Survey: Catholics want Church to invest funds in line with its values

Survey: Catholics want Church to invest funds in line with its values
Dennis Sadowski


More than 90% of Catholics said they believe that Catholic organisations should invest church funds in ways that are consistent with Church teaching and values, according to results of a new survey.

In addition, about 31% of respondents to the survey conducted by Boston-based Catholic Investment Services said that news of clergy sexual abuse and the Church’s handling of such allegations has caused them to give less to their parish. Still, 7% of respondents said they have given more to their parish.

However, 41% of respondents said they either plan to donate less to their parish or are considering giving less in the future.

Peter Jeton, the firm’s CEO, said the findings would help Catholic institutions understand the thinking of individual donors in planning future investments to fund church-based operations. The survey results were released today (April 24).

“My sense is that this (awareness of socially responsible investing) increasingly is a personal issue that people in the pews feel,” Jeton said.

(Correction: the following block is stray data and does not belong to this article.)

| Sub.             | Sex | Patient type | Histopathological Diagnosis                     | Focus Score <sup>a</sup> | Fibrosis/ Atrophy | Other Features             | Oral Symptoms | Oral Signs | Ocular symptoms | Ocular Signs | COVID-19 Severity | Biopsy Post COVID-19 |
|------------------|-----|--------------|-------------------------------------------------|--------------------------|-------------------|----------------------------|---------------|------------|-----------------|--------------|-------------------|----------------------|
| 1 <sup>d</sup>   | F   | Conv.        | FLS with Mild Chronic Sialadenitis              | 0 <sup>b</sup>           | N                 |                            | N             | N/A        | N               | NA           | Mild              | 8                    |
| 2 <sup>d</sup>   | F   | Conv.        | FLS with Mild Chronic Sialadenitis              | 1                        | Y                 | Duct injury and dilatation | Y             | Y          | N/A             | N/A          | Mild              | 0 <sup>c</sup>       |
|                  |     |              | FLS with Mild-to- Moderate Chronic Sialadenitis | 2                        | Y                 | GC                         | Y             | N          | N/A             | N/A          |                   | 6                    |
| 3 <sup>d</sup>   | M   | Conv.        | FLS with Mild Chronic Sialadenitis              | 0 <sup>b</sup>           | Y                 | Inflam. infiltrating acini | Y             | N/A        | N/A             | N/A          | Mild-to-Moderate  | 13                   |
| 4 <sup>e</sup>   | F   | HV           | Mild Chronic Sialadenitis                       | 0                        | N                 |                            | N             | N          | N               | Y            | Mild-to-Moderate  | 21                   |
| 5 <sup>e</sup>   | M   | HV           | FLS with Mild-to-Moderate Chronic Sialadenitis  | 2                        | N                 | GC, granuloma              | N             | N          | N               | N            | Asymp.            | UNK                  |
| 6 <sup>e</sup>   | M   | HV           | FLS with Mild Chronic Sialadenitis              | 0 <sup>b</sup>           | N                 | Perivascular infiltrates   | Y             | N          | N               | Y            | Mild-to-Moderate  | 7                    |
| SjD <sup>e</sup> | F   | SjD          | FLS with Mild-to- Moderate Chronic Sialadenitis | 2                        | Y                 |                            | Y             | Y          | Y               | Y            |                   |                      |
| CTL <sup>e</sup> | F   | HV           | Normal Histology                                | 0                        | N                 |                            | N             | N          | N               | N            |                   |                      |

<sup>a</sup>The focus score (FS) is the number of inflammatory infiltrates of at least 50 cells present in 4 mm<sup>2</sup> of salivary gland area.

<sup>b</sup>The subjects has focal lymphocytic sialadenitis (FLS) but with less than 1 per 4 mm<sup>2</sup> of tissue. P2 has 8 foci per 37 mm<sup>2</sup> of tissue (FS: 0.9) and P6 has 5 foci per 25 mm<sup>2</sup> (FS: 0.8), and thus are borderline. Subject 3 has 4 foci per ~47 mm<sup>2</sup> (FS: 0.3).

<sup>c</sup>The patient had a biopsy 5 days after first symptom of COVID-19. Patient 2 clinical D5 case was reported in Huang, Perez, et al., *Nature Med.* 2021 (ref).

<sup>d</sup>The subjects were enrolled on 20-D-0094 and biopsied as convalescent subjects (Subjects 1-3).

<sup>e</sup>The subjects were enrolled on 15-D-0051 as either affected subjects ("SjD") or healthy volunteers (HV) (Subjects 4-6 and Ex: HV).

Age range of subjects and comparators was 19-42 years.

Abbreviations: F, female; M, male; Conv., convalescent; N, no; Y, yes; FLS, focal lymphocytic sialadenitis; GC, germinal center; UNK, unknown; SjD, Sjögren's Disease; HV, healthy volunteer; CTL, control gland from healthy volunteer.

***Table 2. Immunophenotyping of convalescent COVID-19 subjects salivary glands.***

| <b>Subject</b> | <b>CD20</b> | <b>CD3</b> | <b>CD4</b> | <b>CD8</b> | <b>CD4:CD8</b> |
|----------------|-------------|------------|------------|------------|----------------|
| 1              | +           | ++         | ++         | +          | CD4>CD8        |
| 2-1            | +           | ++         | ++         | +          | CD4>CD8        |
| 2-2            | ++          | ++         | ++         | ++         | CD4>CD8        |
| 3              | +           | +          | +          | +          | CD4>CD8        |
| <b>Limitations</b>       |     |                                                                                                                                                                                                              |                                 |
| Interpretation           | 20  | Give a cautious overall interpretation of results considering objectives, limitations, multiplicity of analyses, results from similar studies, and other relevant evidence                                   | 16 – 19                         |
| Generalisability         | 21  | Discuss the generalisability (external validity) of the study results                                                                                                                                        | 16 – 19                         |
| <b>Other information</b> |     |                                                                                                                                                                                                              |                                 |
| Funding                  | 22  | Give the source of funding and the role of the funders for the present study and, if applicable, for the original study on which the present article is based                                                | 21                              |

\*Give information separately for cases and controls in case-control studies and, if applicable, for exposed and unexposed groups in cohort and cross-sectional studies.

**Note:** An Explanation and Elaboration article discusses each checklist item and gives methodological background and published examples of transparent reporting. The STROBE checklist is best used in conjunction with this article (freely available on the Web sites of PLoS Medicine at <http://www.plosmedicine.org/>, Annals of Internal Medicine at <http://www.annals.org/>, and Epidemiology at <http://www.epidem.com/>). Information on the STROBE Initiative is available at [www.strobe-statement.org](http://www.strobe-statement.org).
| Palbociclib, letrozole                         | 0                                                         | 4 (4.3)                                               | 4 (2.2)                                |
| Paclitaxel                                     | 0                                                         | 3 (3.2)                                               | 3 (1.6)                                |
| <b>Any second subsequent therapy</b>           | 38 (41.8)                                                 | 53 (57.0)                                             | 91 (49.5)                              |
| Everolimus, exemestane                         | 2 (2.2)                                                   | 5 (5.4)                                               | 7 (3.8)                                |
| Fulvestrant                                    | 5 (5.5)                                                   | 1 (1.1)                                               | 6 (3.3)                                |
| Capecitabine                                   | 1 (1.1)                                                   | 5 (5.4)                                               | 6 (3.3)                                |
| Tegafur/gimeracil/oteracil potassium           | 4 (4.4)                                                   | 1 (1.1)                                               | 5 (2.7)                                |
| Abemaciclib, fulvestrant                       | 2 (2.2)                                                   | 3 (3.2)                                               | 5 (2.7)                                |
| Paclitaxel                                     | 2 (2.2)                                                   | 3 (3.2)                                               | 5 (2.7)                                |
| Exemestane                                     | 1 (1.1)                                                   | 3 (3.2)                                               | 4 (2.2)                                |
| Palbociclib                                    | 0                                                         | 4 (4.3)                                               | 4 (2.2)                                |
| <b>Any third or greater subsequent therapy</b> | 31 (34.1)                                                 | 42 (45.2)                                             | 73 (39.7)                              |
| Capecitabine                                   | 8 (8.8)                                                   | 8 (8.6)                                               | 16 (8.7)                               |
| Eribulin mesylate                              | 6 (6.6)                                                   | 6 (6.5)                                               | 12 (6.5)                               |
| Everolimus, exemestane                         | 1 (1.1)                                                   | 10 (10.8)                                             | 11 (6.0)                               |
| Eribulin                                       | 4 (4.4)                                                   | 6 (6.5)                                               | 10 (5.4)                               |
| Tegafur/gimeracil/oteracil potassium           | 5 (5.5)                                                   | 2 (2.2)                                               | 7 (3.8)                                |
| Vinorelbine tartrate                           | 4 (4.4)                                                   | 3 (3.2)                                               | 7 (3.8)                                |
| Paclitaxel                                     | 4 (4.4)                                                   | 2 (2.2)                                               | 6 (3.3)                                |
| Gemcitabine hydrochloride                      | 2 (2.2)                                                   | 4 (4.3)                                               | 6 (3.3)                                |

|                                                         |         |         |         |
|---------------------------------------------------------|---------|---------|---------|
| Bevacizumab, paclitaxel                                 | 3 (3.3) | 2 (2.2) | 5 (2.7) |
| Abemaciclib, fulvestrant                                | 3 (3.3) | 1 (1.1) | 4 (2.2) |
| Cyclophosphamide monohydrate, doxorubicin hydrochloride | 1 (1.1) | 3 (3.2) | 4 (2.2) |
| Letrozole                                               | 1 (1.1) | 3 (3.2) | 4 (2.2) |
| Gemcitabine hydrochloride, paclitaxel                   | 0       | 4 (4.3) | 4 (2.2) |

“There is increasing talk of the notion of donating financial resources and to what kind of causes and there is an implied stewardship that needs to be played there,” he explained. “If you are a parish or a diocese receiving this kind of funding, what kind of obligation is there to invest in a way that could be considered consistent with the church in a whole group of things.”

Nearly nine in 10 respondents – 87% – also said they believed socially responsible investing can be done without sacrificing financial gains. Meanwhile, 13% of respondents disagreed with that standard.

Broken down by how much people donate, 58% percent of those who gave more than $100 to their parish in 2018 said it was important that investments be based on Catholic values. Among those who gave less than $100 to their parish last year, 40% expressed the same sentiment.

The survey involved 500 Catholic adults who answered a series of online questions March 19. It has a margin of error of plus or minus 4.5%.

Catholic News Service